Mankind’s first-ever probe of a comet found traces of organic molecules and a surface much harder than imagined, scientists said Tuesday of initial sample data from robot lab Philae.
Philae fell asleep on comet 67P/Churyumov-Gerasimenko on Saturday, having run out of onboard battery power after 60 hours of prodding and probing an object zipping towards the Sun at 18 kilometres (11 miles per second).
The lander control centre in Cologne, operated by German Aerospace Center (DLR), said Philae had uncovered much about the comet in spite of a rough touchdown in a less-than-perfect spot.
“We are well on our day to achieving a greater understanding of comets,” Ekkehard Kuhrt, project scientific director, said in a statement. “Their surface properties appear to be quite different than was previously thought.”
Philae landed on “67P” last Wednesday after a nail-biting seven-hour, 20-km descent from Rosetta, its orbiting mothership which had travelled more than a decade and 6.5 billion kilometres (four billion miles) to meet up with the comet in August this year.
The touchdown 510 million kilometres (320 million miles) from Earth did not go entirely as planned, when Philae’s duo of anchoring harpoons failed to deploy and it bounced twice before ending up in a crevice, its solar panels shadowed from battery-boosting sunlight.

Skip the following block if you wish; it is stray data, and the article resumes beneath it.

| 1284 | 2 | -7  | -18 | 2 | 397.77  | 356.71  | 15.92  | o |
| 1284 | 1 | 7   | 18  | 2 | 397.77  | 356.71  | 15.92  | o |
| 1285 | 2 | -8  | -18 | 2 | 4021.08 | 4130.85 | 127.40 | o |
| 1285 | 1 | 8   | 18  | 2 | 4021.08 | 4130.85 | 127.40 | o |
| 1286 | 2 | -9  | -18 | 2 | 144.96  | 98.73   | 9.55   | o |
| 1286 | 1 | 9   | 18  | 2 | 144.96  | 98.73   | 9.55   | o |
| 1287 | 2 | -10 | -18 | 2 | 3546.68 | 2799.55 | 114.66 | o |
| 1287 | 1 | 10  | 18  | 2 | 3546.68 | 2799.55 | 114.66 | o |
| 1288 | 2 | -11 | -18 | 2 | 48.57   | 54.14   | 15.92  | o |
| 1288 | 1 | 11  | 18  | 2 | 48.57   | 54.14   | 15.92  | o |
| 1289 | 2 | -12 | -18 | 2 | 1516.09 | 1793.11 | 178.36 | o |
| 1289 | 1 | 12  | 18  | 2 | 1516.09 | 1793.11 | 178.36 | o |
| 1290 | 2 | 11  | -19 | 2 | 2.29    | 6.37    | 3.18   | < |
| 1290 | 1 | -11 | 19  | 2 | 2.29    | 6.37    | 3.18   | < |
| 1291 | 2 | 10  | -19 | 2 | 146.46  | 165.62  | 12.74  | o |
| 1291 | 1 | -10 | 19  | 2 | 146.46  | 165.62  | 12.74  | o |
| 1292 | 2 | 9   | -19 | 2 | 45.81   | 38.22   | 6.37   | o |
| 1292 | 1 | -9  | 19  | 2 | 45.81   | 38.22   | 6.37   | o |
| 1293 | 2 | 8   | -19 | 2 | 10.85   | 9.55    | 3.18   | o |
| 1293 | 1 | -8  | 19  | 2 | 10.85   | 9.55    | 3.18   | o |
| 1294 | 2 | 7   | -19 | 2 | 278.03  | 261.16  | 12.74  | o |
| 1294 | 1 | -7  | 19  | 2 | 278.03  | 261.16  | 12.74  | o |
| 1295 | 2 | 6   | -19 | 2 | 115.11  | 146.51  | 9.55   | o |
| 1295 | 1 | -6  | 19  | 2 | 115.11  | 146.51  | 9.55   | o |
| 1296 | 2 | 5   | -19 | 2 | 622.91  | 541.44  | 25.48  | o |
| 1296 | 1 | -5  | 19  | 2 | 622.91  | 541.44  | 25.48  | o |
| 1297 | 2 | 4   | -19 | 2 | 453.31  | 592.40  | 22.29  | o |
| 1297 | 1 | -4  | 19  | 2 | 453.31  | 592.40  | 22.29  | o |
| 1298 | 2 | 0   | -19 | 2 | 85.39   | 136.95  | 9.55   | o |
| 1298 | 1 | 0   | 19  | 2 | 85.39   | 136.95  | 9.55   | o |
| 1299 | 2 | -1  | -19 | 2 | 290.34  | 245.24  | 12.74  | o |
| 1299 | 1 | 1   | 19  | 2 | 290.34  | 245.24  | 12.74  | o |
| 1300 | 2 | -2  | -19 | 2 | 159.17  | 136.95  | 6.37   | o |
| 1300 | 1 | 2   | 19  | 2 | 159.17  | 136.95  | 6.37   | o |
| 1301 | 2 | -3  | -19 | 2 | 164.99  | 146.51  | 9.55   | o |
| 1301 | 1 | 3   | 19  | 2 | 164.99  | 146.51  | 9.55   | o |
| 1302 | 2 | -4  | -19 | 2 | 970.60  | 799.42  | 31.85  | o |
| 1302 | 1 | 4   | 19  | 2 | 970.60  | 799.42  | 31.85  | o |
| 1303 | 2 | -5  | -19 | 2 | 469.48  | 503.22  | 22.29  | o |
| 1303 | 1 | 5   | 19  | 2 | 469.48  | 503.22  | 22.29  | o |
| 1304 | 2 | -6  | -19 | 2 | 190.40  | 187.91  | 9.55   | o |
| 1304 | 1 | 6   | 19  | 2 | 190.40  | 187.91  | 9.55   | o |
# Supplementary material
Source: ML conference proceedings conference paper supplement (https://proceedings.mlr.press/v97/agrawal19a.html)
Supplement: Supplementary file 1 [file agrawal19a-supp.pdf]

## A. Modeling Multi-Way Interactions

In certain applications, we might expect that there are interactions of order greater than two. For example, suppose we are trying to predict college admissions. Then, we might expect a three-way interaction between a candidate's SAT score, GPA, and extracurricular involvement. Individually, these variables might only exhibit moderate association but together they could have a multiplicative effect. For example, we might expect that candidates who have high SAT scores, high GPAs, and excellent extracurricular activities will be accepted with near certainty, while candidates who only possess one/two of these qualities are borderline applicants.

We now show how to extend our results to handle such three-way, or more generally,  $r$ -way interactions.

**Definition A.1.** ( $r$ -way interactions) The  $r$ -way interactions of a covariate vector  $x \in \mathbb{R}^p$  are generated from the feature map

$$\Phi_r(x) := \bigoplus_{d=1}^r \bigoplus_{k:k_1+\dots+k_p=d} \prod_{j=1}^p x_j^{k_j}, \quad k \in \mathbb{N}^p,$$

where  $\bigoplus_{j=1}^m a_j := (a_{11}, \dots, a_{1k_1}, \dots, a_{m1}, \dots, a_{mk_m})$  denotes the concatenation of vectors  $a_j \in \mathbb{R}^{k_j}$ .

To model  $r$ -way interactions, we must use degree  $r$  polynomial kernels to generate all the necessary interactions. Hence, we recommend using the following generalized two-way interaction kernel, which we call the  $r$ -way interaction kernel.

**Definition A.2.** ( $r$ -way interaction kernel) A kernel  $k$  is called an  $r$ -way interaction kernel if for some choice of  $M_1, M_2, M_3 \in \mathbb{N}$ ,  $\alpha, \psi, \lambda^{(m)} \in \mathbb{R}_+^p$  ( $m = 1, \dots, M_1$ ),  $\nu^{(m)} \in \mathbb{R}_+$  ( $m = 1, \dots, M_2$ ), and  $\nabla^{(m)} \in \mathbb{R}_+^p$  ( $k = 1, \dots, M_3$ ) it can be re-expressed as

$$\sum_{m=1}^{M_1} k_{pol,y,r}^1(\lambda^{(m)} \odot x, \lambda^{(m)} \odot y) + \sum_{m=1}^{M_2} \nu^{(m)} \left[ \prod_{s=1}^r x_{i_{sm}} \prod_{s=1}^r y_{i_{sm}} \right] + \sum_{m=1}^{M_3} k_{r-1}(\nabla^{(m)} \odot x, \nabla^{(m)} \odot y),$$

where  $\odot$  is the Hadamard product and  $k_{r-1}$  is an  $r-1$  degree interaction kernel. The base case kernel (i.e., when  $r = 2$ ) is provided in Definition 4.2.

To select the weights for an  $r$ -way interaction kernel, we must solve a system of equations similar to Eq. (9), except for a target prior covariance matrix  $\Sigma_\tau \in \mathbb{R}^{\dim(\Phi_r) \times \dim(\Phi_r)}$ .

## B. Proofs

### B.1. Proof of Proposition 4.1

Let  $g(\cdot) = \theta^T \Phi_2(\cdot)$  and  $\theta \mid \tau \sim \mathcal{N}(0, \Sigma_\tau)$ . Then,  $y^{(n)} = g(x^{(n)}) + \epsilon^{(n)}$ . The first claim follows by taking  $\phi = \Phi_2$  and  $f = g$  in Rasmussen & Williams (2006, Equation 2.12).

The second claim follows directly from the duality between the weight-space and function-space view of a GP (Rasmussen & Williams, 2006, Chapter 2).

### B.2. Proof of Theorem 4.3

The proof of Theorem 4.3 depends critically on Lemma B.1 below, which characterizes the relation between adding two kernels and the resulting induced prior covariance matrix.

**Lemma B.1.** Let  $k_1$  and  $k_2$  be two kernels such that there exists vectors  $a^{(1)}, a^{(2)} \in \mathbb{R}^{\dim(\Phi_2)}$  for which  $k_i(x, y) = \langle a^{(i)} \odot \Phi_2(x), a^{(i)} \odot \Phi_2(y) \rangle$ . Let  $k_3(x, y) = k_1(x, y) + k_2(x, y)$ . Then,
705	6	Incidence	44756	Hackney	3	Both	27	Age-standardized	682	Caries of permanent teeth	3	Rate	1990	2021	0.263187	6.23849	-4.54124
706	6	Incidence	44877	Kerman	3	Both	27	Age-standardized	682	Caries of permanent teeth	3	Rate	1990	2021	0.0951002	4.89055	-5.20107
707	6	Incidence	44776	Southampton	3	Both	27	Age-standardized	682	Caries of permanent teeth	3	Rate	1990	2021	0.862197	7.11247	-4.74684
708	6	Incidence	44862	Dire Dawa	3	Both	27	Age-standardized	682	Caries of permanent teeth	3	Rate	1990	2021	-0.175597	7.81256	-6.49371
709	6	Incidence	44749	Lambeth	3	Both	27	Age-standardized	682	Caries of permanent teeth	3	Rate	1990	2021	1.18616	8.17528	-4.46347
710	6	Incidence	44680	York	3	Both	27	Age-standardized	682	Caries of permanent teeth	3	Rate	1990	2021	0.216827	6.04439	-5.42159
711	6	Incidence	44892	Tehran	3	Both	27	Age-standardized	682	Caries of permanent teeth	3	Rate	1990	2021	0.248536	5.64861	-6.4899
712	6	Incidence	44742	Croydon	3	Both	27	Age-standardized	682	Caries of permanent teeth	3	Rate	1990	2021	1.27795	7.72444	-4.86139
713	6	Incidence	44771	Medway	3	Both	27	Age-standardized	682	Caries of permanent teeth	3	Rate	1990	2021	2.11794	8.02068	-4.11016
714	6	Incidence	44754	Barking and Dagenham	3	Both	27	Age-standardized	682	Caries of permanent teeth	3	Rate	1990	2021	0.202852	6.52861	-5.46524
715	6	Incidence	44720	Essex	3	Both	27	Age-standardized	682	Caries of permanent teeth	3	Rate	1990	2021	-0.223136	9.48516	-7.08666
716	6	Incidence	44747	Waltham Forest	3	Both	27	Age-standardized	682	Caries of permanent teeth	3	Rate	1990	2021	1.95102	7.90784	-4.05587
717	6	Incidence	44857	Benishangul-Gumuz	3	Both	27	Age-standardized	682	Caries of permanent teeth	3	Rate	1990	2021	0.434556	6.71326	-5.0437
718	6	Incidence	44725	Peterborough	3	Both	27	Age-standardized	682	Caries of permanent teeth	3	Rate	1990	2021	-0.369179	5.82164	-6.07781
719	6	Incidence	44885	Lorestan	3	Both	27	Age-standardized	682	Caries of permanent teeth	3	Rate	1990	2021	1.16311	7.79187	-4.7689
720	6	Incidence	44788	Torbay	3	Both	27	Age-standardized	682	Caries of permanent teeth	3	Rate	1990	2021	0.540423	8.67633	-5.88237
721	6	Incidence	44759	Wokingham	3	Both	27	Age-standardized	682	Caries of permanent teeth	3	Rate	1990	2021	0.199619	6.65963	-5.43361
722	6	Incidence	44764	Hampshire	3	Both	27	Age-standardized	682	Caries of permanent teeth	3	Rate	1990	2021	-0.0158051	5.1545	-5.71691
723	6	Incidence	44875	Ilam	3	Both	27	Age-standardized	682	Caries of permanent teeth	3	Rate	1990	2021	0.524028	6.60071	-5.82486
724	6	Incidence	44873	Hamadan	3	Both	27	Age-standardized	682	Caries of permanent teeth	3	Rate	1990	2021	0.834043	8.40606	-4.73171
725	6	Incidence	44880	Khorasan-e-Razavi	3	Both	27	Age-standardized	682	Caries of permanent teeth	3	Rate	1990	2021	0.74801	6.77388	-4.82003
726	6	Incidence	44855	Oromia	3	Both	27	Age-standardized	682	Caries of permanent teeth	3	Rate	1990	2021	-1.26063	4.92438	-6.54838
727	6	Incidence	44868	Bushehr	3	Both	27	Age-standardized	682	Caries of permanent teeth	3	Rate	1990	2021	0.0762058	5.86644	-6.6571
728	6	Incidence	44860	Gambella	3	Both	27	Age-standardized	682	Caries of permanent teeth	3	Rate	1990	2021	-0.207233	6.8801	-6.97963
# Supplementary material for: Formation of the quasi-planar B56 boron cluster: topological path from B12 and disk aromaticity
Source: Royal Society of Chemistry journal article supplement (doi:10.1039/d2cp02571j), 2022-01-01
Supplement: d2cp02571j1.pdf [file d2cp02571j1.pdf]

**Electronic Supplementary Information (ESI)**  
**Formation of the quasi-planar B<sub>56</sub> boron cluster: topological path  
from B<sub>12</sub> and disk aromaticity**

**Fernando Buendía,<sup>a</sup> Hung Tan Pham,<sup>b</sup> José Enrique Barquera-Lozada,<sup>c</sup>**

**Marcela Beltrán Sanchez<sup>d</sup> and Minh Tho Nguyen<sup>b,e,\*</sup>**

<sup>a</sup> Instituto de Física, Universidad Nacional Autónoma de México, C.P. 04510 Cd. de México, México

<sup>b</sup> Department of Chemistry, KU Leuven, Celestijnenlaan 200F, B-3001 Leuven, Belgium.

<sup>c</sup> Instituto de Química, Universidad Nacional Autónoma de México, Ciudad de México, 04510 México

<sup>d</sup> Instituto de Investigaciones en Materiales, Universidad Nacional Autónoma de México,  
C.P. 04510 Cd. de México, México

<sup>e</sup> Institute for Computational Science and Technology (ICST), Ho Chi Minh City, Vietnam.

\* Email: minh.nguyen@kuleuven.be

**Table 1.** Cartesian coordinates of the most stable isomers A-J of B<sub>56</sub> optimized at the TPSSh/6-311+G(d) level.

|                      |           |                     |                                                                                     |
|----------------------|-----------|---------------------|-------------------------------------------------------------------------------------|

Among the most anticipated data from Philae had been chemical analysis of a drill sample which scientists hoped would shed light on the origins of the Solar System 4.6 billion years ago, and maybe even life on Earth.
The DLR said the MUPUS probe, one of Philae’s 10 onboard science instrument, hammered into the comet to discover it was “a tough nut to crack”.
“Although the power of the hammer was gradually increased, we were not able to go deep into the surface,” said research team leader Tilman Spohn.
Electric and acoustic experiments confirmed the comet was “not nearly as soft and fluffy as it was believed to be” underneath a surface layer of dust.
Despite its imperfect footing, Philae managed to deploy a drill, but it was not clear whether any soil sample had been examined onboard.
Yet the team said Philae’s COSAC gas analyser managed to “‘sniff’ the atmosphere and detect the first organic molecules” shortly after landing.
Some astrophysicists theorise that comets “seeded” our fledgling planet with the beginnings of life-giving water and organic molecules, and hoped that analysis of “67P” would prove this.
“Analysis of the spectra and the identification of the molecules are continuing,” said the statement.
Project manager Stephan Ulamec said he was confident Philae would make contact later “and that we will be able to operate the instruments again”, as the comet moves closer to the Sun.
By spring of 2015 (about March-May in the northern hemisphere), it is hoped that Philae will communicate with its mothership and by summer “it might be possible that temperatures on the comet will allow Philae’s battery to be recharged.”
Rosetta will continue orbiting the comet to receive any signals from Philae, if it were to wake up from hibernation.